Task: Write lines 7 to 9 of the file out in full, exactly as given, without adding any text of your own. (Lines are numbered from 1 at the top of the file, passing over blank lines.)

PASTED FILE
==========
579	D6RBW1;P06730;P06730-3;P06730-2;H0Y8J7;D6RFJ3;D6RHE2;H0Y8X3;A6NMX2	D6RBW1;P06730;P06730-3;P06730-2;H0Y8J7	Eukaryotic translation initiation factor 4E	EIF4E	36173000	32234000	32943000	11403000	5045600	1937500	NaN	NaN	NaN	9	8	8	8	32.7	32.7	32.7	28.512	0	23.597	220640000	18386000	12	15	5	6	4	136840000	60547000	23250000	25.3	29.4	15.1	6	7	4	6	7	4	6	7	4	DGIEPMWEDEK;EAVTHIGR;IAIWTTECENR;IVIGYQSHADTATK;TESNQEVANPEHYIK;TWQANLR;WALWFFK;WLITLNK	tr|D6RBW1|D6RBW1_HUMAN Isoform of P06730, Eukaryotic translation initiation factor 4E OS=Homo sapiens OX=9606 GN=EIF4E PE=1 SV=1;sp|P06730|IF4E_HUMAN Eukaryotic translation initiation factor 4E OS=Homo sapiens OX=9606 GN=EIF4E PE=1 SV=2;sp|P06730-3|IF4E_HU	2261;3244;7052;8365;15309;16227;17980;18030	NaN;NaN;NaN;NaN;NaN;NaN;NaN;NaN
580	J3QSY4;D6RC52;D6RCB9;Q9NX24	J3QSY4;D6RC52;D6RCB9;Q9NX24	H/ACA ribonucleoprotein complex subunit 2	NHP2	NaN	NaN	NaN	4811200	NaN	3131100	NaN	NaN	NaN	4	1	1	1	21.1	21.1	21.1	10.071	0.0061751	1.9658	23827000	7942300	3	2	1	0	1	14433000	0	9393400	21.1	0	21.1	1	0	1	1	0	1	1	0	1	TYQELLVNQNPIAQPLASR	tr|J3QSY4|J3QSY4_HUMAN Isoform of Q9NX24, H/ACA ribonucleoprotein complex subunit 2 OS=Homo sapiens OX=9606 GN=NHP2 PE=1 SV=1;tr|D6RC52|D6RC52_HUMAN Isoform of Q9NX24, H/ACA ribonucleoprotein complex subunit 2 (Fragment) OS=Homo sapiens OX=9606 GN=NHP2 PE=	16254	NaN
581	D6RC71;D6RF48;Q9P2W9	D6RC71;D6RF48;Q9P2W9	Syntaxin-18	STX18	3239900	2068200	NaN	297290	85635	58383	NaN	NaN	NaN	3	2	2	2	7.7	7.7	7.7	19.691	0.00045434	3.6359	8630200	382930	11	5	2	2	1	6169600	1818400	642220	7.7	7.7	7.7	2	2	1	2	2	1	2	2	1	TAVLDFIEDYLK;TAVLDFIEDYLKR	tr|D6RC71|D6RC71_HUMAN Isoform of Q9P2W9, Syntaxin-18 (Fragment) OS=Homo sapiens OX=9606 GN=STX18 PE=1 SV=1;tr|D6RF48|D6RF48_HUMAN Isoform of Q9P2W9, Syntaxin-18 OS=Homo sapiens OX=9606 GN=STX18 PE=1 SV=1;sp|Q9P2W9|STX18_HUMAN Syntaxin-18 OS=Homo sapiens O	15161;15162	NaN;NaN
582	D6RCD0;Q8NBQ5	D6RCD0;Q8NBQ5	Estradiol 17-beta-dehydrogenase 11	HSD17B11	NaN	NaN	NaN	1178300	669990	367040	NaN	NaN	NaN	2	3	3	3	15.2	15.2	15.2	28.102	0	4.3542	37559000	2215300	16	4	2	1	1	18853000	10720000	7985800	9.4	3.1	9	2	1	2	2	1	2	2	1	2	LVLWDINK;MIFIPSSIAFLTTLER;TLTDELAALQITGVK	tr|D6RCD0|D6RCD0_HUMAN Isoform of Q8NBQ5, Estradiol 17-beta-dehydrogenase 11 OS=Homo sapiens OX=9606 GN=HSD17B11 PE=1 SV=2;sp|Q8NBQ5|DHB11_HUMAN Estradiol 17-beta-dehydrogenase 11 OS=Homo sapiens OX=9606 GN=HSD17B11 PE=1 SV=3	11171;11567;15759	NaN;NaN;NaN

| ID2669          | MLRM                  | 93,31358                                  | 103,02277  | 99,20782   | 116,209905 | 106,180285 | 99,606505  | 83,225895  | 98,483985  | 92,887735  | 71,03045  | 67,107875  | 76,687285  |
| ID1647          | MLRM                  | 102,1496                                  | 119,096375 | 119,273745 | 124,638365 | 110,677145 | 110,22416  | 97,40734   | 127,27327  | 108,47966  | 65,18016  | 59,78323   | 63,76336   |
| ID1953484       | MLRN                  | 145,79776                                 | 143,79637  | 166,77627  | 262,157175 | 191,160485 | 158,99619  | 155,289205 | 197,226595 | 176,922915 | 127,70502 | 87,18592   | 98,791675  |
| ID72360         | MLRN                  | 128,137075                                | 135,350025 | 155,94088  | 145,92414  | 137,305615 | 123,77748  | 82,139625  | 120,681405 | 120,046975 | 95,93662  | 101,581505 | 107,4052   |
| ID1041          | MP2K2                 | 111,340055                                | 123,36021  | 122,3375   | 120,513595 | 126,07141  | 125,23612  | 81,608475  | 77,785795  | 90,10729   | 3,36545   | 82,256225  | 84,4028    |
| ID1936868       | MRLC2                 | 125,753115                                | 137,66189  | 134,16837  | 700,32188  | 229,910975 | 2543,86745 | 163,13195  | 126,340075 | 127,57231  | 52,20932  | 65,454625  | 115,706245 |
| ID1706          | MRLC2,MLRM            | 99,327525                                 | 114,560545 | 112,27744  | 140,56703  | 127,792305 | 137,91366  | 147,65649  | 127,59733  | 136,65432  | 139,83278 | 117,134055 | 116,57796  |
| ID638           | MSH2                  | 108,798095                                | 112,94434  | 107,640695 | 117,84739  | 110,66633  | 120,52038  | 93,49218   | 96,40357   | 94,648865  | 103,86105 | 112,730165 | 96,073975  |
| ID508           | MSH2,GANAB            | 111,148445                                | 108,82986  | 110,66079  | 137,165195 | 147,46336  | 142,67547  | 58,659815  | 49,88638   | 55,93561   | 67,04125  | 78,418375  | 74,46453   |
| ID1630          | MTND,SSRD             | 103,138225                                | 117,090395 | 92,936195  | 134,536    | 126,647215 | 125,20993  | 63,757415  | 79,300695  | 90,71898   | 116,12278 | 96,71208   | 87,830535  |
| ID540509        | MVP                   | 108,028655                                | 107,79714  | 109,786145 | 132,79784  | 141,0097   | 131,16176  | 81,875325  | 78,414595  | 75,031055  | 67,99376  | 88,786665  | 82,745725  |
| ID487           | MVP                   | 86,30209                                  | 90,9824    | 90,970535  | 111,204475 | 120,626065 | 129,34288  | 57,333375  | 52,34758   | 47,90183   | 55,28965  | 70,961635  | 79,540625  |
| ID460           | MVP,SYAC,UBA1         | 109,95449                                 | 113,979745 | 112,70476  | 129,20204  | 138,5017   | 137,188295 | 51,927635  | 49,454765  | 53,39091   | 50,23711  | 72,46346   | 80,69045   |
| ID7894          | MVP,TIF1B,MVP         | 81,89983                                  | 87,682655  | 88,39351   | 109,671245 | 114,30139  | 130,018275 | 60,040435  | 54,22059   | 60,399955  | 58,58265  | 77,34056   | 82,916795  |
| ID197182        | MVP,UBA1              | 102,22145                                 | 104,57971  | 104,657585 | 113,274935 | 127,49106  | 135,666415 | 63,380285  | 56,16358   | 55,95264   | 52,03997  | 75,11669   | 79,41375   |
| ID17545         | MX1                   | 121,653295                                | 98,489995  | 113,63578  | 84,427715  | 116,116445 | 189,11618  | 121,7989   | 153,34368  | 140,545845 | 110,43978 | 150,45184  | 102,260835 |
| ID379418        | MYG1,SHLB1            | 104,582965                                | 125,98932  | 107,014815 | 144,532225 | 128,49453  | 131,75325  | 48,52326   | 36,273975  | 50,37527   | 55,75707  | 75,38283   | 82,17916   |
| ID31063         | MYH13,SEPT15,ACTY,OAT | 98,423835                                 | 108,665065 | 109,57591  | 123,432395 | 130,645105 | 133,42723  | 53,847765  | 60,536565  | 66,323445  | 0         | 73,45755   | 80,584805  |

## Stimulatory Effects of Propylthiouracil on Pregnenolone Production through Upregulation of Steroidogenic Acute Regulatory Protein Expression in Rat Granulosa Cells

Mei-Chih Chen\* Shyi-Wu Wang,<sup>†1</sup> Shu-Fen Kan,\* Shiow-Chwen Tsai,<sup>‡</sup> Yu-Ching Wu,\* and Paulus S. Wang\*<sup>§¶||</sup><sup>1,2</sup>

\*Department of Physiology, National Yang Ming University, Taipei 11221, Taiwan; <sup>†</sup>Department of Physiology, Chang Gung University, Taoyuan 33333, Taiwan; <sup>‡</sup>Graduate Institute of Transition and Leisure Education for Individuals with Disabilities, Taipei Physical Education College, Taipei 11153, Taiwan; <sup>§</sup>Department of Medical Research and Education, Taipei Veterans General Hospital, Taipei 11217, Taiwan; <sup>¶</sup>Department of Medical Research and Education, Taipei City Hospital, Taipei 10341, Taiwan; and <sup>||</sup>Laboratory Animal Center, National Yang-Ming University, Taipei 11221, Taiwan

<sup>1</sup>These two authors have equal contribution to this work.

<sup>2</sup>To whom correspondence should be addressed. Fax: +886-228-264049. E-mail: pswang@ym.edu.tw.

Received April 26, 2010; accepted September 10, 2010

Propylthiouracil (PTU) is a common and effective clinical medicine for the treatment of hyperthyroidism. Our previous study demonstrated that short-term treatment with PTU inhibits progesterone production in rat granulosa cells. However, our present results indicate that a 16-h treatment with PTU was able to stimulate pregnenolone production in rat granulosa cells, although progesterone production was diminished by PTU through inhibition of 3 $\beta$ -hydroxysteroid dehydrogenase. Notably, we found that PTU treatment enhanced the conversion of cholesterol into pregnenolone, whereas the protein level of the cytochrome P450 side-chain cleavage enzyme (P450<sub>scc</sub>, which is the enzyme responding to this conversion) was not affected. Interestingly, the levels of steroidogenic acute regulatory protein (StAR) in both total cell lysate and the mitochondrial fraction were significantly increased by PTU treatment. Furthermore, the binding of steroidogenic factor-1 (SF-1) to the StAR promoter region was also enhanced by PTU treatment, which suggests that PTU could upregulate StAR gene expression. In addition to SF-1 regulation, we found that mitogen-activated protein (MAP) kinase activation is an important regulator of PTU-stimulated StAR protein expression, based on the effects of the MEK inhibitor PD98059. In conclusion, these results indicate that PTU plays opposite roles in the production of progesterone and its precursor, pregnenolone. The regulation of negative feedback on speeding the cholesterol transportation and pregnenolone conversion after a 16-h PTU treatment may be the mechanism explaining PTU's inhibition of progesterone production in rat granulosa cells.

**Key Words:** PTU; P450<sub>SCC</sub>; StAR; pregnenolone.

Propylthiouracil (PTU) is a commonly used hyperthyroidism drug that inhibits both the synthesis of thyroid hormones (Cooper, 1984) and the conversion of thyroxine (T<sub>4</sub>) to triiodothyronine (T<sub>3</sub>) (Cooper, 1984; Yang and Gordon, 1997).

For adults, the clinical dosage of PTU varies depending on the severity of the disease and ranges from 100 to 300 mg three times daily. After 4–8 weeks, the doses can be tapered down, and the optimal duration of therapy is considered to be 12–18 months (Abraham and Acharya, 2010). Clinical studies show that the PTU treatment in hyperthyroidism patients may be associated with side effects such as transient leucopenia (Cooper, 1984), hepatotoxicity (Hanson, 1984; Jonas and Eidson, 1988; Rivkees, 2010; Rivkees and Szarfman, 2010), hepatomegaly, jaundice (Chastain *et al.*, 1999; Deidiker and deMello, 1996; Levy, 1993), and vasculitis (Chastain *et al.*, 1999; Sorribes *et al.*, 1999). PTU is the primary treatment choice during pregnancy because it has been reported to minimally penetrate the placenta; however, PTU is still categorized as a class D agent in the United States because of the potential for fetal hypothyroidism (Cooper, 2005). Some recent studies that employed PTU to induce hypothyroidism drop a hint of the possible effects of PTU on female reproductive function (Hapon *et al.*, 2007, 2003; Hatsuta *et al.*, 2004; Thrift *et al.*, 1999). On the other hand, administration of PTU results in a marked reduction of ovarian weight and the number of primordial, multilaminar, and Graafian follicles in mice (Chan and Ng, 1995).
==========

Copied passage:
| ID1953484       | MLRN                  | 145,79776                                 | 143,79637  | 166,77627  | 262,157175 | 191,160485 | 158,99619  | 155,289205 | 197,226595 | 176,922915 | 127,70502 | 87,18592   | 98,791675  |
| ID72360         | MLRN                  | 128,137075                                | 135,350025 | 155,94088  | 145,92414  | 137,305615 | 123,77748  | 82,139625  | 120,681405 | 120,046975 | 95,93662  | 101,581505 | 107,4052   |
| ID1041          | MP2K2                 | 111,340055                                | 123,36021  | 122,3375   | 120,513595 | 126,07141  | 125,23612  | 81,608475  | 77,785795  | 90,10729   | 3,36545   | 82,256225  | 84,4028    |